Spam accounts appeared in the comments under the profile, which meant other profiles. You can see very clearly how in one minute there were comments similar to those below.
There were also a lot of funny comments. The situation was undoubtedly benefited by the Facebook profile of one of the most famous YouTube channels in Poland, “Topowa Dycha”, which received over 7,000 reactions under its commentary.
Could it have ended worse? (in case of account hacking)
Yes. It is enough for the person who took over the account to start posting offensive, malicious comments on other fan pages on behalf of the website. In this way, it would expose KFC Polska to much greater problems. Especially when comments would appear under the profiles of politicians or celebrities. Imagine the KFC’s comment in a post by a leading political party in which it is very critical about their activities? Brick crisis of the year! There are also private conversations in which it is easy to offend consumers and make screenshots available on their profiles.
But since it was a planned action… it is worth considering whether it was successful. Here I have mixed feelings, because more than once such playing with fans has caused hiccups to brands or influencers (for example Maffashion from Orange or Wojtek and Reserved). Sometimes it is not worth looking for publicity for the sake of publicity, especially when we touch on such a sensitive topic as data privacy or the possibility of losing social media accounts. We will probably never know how the action influenced the sales results. For example, I would love to see today’s online order chart broken down by hour and compare it to another holiday day.
The next point is access to the news archive. What might people who spoke privately to KFC moderators think and suddenly there was a risk that these conversations might no longer be private? Many brands organize contests on Facebook, and sensitive data for sending prizes (home address, telephone number) are provided through this channel.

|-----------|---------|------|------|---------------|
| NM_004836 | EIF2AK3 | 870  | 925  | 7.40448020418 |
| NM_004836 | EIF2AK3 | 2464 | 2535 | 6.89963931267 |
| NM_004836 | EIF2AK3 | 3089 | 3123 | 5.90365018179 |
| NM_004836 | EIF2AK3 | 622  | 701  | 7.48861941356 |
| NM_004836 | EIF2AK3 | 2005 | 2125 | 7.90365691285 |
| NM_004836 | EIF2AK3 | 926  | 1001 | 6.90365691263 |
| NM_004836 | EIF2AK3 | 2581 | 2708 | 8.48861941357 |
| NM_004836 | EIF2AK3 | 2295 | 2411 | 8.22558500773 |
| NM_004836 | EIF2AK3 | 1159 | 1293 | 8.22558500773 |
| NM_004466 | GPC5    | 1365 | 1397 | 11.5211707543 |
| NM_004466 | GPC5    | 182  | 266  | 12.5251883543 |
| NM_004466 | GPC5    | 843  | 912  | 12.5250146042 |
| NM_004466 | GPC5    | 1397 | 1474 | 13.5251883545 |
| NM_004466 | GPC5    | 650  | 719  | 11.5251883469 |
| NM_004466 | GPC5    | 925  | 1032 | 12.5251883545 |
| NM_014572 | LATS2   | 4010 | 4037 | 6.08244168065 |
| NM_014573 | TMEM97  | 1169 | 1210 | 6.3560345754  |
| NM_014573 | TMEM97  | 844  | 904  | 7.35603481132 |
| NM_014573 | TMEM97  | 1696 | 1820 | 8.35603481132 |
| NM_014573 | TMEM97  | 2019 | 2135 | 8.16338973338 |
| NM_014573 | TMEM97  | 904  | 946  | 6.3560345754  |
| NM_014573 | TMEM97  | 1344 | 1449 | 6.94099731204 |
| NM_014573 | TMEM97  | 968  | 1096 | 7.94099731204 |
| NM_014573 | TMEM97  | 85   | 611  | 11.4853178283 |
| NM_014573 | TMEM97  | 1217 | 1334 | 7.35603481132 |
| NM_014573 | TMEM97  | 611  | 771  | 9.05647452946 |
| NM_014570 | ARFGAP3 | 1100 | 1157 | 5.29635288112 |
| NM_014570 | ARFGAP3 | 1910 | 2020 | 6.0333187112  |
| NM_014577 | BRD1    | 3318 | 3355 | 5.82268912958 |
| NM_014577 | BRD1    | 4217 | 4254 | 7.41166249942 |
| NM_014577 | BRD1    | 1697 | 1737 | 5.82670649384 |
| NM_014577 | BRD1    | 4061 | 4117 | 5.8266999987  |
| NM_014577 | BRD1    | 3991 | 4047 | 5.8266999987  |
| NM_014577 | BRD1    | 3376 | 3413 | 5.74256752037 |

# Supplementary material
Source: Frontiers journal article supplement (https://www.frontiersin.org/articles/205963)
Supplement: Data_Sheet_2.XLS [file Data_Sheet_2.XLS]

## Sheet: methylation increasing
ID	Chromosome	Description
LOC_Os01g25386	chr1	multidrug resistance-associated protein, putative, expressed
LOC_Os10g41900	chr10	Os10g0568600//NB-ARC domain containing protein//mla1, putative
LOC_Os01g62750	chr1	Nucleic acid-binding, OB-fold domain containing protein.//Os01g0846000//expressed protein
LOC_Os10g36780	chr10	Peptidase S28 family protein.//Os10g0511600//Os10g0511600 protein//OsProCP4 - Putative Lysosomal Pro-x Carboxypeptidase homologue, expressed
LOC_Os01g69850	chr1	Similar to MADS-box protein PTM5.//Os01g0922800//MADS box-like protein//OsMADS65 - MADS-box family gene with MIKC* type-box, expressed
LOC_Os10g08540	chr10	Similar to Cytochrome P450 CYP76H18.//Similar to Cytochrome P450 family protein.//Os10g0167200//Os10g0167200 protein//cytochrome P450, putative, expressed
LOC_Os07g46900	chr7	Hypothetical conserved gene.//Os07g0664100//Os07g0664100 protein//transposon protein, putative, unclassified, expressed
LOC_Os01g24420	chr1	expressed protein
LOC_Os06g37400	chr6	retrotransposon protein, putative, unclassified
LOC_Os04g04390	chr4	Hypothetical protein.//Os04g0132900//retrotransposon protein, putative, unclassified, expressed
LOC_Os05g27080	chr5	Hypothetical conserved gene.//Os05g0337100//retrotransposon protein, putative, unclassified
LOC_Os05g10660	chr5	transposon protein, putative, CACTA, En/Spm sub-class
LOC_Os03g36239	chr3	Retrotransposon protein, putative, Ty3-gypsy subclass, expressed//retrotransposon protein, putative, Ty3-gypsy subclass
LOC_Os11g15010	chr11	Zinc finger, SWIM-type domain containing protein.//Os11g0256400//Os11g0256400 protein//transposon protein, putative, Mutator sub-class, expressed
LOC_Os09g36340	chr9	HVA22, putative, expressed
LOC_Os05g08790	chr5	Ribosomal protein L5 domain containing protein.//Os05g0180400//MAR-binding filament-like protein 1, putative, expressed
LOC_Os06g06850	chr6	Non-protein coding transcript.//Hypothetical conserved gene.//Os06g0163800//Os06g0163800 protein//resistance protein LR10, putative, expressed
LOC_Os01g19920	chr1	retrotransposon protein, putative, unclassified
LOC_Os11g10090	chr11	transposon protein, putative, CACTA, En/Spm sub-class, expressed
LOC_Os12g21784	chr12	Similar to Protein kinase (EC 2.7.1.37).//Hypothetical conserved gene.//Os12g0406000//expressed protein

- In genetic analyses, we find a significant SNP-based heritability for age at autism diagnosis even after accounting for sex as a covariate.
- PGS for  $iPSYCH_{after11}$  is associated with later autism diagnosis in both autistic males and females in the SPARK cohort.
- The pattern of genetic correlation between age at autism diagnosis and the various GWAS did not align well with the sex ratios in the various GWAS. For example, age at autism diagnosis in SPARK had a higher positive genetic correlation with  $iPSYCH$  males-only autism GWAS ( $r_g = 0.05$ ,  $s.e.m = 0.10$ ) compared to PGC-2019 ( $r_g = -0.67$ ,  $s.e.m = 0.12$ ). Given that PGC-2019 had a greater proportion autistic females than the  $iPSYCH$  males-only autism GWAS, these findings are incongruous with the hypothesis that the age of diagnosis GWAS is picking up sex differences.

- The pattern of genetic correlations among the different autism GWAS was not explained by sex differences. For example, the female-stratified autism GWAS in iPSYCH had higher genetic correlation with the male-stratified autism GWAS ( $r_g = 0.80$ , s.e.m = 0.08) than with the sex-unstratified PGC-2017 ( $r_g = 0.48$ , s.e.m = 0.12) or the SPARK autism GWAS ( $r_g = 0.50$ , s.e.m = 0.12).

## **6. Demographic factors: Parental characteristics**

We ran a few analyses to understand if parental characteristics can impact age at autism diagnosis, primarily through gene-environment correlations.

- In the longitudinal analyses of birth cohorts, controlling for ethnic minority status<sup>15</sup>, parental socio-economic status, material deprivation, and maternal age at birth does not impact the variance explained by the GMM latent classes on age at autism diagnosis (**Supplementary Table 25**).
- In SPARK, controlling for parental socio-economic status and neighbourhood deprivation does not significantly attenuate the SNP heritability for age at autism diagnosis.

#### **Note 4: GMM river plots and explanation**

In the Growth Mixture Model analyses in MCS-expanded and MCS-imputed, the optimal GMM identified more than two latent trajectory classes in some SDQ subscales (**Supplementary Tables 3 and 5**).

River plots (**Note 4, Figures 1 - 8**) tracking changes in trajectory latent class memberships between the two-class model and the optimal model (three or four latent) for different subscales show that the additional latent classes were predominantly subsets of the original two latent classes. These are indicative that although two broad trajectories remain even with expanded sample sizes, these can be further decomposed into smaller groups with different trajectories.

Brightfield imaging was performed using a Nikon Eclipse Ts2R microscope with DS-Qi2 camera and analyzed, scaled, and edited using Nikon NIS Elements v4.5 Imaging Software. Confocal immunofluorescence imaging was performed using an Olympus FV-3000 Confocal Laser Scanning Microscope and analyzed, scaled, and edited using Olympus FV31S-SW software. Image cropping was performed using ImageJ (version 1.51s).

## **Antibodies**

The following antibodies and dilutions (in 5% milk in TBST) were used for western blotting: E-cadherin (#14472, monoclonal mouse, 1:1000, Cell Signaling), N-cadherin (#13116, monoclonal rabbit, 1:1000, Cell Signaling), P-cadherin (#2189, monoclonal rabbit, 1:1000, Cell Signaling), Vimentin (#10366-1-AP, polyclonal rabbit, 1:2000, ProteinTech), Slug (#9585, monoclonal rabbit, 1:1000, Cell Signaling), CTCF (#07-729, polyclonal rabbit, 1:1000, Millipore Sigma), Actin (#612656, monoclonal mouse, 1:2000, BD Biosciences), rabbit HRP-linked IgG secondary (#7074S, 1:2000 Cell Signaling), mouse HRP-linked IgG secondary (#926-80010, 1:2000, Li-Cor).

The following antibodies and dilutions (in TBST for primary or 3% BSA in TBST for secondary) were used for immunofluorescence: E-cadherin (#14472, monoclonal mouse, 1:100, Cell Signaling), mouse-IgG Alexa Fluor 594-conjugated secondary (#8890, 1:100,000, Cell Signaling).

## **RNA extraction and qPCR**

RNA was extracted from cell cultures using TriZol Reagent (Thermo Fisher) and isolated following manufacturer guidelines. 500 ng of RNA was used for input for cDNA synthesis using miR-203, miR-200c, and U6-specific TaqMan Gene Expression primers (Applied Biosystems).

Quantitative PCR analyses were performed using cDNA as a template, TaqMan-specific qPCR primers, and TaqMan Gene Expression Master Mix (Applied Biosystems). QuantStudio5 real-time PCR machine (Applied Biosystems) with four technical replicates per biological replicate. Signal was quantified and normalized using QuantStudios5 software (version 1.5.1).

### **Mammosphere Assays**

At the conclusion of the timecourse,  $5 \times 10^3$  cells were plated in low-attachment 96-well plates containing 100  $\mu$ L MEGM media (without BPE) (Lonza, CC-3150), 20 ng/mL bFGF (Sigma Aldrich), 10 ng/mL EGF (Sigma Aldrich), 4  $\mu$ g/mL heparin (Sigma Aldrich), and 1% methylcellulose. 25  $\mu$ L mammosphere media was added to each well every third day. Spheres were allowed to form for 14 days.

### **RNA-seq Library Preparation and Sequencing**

Or maybe a mishap that has been neatly covered?
Your doubts and one of the possible scenarios in the whole situation was described by Kamil Mirowski from Mr.Social:
What really happened on the KFC profile? We’ll never know that. We can look for various scenarios – from planned marketing activities to the incompetence of a junior intern who happened to be on duty on the brand’s profile, or a hacking attack. The latter is supported by the fact that the explanation for the appearance of this photo appeared only after a few hours. When planning marketing campaigns that may evoke similar emotions, you should rather be prepared for an immediate reaction, or (which would be even better) before changing your profile – inform the community that this is going to happen and why. Everything would be clear. But… There wouldn’t be such ranges then. So maybe it was planned after all? Only, is the additional coverage on one post worth considering, or is KFC not dimming? People don’t like fake. We have seen it many times on social media. For example, when the “I don’t run” page, intended to be the center of the non-runner movement, turned out to be the side of the diarrhea remedy. I consider the very idea of changing the profile picture to a picture of a real fan of the brand perfect! Huge respect for the courage on the part of the brand that decided to take such a step. But is it really consciously? After the fact, however, was the story of the slip-up made up? After the comments under the explanation, you can see that consumers are not convinced. What impact will the entire action have on the brand? Probably none. But in our marketing environment we can discuss.
How would you rate the action with KFC Polska? Write in the comment here or under the post on the Whysosocial fan page.
Case study: Lenor at the Macademian Girl